Lists Home |
Date Index |
> You need to be a lot more specific about what information you want to
> represent. The state of a game (where the pieces are)? The history of a
> game (how the pieces got there)? An analysis of the game?
I was being vague, because I was backhandedly asking permission to present
my puny problem first...
Very possibly I've got my apples and oranges (and my metaphores) mixed up
here, but I don't really want to model the rules of the board, just these
sort of obvious impossibilities:
- not allowing two allied bishops on the same colour (oh, HOW?)
- Only exactly one King per side (done)
- Maximum number of piece types, alowing for promotion (yep)
- pawns dont get to go to home (done)
Questions like "how, and can, a Knight move here" are not an issue.
On the other hand these are:
- making sure every other square on the board is going to be black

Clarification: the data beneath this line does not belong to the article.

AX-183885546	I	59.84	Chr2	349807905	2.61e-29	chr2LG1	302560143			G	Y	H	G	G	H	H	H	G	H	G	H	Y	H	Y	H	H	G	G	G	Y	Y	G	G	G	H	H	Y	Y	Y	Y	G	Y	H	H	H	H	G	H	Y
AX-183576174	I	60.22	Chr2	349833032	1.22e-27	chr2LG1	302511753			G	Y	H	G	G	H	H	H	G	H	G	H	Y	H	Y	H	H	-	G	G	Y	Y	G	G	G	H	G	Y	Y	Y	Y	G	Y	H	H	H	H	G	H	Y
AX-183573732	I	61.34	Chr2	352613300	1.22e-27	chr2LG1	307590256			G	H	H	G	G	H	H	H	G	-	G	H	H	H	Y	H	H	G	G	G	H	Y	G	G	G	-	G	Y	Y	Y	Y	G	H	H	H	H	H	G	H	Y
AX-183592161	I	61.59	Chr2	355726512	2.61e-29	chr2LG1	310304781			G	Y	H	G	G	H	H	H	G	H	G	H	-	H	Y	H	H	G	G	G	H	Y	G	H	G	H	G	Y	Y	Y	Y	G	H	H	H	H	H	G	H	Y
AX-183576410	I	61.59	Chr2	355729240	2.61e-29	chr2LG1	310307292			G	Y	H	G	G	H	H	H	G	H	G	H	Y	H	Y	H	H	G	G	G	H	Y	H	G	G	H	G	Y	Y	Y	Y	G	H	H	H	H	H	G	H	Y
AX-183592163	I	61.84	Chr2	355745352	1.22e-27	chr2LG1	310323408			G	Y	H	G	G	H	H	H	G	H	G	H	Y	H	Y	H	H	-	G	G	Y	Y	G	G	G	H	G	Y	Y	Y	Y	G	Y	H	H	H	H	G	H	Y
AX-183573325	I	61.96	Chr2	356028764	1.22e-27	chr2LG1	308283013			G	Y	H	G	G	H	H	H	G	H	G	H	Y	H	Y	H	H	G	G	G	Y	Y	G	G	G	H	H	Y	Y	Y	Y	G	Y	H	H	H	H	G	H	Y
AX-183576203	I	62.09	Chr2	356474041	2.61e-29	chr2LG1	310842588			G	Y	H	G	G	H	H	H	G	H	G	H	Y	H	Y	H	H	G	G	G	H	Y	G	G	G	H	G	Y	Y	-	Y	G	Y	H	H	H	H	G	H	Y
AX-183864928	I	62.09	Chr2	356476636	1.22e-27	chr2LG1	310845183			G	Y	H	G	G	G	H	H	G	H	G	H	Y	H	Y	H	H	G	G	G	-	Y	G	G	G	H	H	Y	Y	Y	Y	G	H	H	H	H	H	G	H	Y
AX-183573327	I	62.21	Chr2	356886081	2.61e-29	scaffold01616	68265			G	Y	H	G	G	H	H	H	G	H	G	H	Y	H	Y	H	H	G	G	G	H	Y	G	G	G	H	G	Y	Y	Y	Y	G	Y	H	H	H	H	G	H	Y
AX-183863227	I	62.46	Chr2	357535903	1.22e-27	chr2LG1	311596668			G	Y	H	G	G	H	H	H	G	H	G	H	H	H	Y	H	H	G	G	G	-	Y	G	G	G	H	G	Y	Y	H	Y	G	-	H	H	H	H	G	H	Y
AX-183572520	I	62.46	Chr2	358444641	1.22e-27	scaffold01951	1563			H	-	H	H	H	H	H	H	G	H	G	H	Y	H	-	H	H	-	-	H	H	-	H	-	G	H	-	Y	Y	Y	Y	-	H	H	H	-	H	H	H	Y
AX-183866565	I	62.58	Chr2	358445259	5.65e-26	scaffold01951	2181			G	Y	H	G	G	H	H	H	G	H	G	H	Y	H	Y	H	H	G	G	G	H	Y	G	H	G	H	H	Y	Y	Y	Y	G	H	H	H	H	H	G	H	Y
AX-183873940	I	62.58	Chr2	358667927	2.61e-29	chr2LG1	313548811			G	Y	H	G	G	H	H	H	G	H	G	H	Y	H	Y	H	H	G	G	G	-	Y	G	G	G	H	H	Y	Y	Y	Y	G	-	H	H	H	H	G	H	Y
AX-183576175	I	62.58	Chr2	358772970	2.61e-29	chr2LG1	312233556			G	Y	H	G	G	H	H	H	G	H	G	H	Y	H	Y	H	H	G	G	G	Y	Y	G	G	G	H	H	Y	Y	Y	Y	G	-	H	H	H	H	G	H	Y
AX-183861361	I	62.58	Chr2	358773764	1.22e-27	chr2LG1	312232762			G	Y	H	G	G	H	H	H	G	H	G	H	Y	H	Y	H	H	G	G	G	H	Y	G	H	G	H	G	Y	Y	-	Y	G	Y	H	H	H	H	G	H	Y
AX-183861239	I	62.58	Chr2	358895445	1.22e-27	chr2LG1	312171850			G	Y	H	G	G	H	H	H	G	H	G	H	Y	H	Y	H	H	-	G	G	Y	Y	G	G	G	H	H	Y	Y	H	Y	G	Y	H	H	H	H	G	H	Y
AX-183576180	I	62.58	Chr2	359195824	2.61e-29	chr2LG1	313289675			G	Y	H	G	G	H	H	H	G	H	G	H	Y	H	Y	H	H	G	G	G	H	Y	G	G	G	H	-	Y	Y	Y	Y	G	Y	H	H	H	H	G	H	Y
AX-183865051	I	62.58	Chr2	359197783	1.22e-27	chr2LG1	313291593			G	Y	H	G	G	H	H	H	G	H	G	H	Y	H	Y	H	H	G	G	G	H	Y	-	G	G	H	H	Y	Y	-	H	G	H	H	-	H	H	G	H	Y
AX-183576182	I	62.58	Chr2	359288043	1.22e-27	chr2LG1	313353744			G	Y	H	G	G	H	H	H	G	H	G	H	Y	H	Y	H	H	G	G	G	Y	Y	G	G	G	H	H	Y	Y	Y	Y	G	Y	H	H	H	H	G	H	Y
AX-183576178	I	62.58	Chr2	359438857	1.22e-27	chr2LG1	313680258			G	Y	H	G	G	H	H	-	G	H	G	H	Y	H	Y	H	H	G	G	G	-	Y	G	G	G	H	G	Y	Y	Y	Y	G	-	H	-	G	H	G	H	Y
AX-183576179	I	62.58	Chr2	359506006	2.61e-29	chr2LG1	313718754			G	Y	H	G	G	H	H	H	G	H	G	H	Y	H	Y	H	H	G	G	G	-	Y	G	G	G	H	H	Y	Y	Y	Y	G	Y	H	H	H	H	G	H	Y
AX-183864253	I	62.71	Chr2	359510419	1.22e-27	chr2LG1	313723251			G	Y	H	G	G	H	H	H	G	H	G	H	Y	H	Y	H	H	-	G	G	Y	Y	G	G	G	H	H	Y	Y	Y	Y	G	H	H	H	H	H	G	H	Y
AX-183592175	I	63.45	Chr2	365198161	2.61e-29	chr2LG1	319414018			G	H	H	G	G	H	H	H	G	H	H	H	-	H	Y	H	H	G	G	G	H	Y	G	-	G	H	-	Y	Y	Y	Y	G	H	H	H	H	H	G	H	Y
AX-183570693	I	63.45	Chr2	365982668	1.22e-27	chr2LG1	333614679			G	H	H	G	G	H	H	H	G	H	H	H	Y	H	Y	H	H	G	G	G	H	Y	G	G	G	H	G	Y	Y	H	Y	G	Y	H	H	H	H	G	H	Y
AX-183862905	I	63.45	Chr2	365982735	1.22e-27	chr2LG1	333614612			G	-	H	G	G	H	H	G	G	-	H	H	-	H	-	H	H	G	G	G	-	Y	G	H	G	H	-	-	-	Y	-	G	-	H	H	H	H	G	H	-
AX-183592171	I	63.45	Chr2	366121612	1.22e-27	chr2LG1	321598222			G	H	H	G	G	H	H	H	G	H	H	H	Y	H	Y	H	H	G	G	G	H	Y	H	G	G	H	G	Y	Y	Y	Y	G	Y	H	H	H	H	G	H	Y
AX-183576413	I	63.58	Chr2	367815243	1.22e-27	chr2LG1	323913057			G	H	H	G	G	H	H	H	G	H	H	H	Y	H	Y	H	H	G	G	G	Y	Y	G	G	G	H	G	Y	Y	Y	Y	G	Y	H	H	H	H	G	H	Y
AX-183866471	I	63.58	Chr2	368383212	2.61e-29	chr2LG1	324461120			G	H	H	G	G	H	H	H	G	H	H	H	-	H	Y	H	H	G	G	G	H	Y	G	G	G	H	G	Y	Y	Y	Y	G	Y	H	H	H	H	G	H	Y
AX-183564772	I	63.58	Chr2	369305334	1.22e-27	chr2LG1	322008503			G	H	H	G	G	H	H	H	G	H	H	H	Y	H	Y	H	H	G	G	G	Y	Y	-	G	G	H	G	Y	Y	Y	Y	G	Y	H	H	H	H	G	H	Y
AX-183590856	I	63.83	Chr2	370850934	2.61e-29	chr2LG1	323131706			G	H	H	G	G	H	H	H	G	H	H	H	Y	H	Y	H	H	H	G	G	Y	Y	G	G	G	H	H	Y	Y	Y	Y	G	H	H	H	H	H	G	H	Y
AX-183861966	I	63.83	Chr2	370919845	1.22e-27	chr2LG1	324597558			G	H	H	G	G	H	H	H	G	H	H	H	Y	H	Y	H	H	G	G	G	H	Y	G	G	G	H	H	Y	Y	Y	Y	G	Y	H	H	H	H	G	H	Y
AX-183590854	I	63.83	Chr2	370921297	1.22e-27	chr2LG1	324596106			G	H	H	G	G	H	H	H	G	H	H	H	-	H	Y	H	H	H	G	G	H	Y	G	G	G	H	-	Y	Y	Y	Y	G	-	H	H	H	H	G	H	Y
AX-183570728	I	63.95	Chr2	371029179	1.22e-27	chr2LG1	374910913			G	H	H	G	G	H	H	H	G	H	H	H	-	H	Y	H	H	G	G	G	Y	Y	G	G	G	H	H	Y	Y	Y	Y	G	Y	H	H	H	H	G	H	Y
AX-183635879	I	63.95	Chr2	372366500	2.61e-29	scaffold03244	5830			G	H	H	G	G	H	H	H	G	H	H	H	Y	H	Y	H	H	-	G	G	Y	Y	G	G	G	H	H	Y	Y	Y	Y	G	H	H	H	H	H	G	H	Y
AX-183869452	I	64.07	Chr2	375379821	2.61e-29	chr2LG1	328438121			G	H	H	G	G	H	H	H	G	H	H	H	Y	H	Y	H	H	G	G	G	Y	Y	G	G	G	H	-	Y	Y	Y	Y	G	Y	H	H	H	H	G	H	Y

(this i'm fighting with, and giving up)
- pieces don't occupy the same square (uniqueness with coordinates?)
The board representation thingie is annoying me. If I make sure that every
square is represented in the document and within a square there is at
maximum one piece, everything else becomes a hazzle. How do I check for "one
king" or "less than nine pawns", this is what i can't get my head around.
and of course checking for the sameness of bishops
So there is either the possibility of forcing the whole board to be present
in the document or the more sensible method of just presenting the pieces
with their coordinates. Unfortunately I'm required to do it the first way
unless i can somehow mathematicise within the schema to force the b/w grid
unto the creator of the xml document?
Jon Thompson Coon